The Joint Standing Committee on Trade and Investment Growth (JSCOM) told the government in its interim report into the Australian Government’s approach to negotiating trade and investment agreements that it should bolster transparency, accountability and oversight when negotiating trade agreements.
Chair of the Committee Steve Georganas (Member for Adelaide, ALP) said while the current approach has served the country well, a new one could ensure agreements are of greatest benefit to the community.
“It’s evident to the committee that more transparent consultation processes will allow increased understanding of the impact of trade agreements on stakeholders and that better utilising their insights and expertise can contribute to improved negotiation outcomes for Australia.”
So far, the inquiry has held six public hearings in Canberra and Melbourne, and received 54 submissions from the public, private and academic spheres.
Many participants said the need for greater transparency, accountability and oversight in the negotiation process was largely due to the encroachment of trade agreements on more areas of policy and law-making. As a result of this growing complexity and scope, there’s been a wider impact on stakeholders and the public.
The inquiry provided five recommendations:
- Establishing a tripartite trade advisory committee to achieve a better balance between transparency and confidentiality in negotiations, enabling in-depth and informed feedback to government.
- Codifying the practice of publishing information outlining negotiation aims and objectives for all future trade and investment agreement negotiations.
- Providing transparency and information to stakeholders and the public about negotiations equivalent to the information provided by the other party.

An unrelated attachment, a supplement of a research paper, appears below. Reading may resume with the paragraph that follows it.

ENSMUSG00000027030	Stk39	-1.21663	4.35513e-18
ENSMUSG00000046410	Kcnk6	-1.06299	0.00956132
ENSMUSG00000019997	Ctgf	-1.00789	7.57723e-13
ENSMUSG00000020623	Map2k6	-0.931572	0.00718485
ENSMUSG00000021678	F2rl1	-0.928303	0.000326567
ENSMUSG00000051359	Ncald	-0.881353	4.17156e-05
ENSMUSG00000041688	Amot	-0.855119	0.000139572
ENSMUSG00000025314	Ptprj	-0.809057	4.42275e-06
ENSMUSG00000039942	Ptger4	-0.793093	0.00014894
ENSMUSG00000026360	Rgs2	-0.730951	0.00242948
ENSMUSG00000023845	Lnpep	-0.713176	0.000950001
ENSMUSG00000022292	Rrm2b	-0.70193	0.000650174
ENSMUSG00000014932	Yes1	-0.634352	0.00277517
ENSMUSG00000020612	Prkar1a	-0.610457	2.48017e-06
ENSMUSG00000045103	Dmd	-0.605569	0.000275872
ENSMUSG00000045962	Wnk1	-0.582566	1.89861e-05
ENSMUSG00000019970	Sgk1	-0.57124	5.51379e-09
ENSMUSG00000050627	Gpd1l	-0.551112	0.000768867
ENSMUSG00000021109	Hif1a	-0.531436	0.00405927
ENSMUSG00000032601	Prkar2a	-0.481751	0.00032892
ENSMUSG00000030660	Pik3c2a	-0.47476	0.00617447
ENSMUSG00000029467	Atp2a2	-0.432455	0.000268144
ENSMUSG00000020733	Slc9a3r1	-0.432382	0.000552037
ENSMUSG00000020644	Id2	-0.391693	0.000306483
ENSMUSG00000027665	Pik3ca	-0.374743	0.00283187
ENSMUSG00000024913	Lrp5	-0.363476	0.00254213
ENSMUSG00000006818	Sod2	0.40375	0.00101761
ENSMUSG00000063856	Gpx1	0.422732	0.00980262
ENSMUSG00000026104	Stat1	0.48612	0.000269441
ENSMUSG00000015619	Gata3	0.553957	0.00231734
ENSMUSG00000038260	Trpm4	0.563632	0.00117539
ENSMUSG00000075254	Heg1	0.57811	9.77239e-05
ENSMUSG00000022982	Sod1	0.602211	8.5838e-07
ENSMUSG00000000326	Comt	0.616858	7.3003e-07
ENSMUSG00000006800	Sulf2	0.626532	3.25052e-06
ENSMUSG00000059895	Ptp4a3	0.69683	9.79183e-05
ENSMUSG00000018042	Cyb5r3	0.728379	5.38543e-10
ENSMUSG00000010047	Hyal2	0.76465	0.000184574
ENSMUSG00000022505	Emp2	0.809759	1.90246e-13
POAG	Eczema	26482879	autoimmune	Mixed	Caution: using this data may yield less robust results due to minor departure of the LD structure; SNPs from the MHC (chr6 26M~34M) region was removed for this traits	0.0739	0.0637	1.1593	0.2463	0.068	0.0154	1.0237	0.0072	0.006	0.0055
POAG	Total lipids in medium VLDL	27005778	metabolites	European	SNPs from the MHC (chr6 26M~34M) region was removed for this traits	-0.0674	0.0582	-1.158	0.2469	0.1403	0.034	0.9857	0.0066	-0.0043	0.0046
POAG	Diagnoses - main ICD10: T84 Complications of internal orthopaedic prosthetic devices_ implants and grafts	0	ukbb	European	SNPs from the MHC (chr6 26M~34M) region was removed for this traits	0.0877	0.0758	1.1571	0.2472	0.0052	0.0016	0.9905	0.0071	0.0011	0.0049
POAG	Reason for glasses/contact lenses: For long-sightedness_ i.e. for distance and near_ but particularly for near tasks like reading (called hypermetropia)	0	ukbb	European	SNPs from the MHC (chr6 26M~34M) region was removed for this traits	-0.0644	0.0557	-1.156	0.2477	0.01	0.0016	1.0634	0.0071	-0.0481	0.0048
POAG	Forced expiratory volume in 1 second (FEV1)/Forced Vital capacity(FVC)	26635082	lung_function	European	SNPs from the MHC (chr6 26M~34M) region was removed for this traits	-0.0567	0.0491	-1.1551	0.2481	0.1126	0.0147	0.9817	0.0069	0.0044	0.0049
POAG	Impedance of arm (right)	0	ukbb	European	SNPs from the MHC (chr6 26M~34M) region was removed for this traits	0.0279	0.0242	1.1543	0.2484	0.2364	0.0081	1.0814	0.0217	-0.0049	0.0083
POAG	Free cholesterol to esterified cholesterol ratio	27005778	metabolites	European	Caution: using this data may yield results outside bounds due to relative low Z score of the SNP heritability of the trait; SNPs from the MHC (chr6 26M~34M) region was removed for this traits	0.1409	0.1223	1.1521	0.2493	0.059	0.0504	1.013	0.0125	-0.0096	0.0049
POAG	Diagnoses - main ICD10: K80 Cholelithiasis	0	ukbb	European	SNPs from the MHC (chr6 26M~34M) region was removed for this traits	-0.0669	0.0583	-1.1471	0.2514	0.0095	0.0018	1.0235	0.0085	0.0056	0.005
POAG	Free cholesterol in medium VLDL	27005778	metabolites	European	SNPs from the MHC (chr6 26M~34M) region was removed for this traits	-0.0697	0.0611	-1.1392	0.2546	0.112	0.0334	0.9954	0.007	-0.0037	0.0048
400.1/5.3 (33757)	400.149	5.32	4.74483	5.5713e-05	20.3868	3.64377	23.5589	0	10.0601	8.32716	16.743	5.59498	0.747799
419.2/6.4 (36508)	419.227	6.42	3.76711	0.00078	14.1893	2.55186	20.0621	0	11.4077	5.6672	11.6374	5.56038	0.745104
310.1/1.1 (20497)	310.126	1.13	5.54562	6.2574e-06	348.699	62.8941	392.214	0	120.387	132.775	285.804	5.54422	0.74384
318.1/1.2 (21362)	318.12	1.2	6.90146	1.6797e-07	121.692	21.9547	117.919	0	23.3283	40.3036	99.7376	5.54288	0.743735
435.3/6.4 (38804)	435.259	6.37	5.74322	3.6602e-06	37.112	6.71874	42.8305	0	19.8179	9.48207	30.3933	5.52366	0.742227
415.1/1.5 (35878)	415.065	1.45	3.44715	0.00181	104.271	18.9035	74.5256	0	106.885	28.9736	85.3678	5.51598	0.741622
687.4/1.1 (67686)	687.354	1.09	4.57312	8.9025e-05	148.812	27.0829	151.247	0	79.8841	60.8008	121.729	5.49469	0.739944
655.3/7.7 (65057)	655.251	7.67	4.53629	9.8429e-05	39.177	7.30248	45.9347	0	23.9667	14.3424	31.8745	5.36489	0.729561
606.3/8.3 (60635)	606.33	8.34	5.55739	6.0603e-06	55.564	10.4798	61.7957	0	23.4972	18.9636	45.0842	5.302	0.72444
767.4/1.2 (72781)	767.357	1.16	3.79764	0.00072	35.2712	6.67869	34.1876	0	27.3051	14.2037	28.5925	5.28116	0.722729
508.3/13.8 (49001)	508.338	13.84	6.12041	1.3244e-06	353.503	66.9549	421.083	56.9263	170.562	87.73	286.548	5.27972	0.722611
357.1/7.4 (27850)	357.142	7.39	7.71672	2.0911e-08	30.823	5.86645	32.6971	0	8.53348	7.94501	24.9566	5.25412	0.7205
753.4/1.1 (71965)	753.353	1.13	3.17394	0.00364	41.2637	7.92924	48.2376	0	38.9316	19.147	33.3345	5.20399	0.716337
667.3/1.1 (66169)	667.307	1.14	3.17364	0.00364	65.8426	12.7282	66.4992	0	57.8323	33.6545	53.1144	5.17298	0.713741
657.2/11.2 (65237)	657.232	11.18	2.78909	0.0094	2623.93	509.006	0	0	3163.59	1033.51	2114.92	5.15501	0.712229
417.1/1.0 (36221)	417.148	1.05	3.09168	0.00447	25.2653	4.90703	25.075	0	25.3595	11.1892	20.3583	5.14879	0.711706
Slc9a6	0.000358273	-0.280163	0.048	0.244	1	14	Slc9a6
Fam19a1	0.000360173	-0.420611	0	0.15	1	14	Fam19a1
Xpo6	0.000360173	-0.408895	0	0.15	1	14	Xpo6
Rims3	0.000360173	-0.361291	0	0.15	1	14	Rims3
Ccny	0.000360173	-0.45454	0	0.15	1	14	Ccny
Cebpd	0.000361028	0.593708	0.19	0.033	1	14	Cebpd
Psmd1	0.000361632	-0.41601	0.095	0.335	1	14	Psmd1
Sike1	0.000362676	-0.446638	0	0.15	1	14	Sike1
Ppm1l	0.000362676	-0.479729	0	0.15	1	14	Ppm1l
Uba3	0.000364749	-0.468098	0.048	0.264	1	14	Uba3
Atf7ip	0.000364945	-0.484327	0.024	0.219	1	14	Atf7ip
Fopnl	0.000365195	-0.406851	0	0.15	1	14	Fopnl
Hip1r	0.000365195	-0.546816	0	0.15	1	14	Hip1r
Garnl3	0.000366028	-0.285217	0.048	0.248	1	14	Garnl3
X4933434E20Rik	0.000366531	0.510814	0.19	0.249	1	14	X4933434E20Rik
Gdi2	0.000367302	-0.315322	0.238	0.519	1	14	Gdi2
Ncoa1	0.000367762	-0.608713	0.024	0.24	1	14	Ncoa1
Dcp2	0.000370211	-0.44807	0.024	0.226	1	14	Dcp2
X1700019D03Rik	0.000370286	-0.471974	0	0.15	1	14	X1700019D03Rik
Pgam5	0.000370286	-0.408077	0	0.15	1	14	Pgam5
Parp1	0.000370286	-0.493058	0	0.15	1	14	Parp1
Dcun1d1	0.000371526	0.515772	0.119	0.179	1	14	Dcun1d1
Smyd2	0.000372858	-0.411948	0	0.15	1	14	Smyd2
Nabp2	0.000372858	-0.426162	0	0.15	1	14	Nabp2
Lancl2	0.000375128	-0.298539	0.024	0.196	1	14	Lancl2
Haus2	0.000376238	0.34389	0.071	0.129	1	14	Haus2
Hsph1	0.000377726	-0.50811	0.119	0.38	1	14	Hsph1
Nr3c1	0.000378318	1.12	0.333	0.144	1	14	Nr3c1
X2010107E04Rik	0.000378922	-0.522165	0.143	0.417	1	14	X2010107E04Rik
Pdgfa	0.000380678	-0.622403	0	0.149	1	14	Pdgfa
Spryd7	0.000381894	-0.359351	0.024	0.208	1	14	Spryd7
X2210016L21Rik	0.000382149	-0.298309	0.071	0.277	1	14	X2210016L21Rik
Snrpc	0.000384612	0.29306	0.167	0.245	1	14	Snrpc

- Regular briefings to parliamentary committees on the status and progress of trade and investment agreements.
- Undertaking independent periodic reviews of agreements to ensure that they are operating as intended and achieving the expected benefits.
Inspiration was taken from the US and its trade advisory committee system, and clearer advisor framework for improving transparency in consultation.
However, Clare Middlemas from the ACTU said when you look at their cleared adviser system as a whole, “it is quite unbalanced towards business”.
“We think in order to be effective, any system that is set up really needs to have equal representation from unions and business in a tripartite sense and include the voices of First Nations people and other civil society organisations,” said Ms Middlemas.
Many also endorsed the EU’s approach of making more trade negotiation information publicly available, thereby improving the degree of transparency before, during and after negotiations.
The EU makes its draft ‘negotiation directives’ publicly available before negotiations commence and publishes draft agreement text for each chapter; publishes materials for interested stakeholders during negotiations; and makes available the negotiated agreement text and supporting material before signing.
As for JSCOM’s recommendation to enlarge the role of Parliament in trade agreement negotiations for improved accountability and oversight, they took examples from the US and Canada into account.
In the US, Congressmembers have a greater role in trade and investment negotiations, which the executive does.
The Australian Fair Trade & Investment Network Ltd (AFTINET) noted in their submission that Congress must approve the aims and objectives of the negotiation before they commence, can request regular reports on the negotiations, and must see and vote on the whole text of the trade agreement before signing, legislation and ratification.
Canada, like Australia, allows the executive to explore proposals for potential agreements but seeks authority from Cabinet before entering formal negotiations.
JSCOM’s final report will cover the inquiry’s remaining Terms of Reference, which includes building on stakeholder consultation and engagement with First Nations, states and territories. Along with determining the cost-benefit of trade agreements, the role of impact assessments, and the mass of evidence provided on their contents.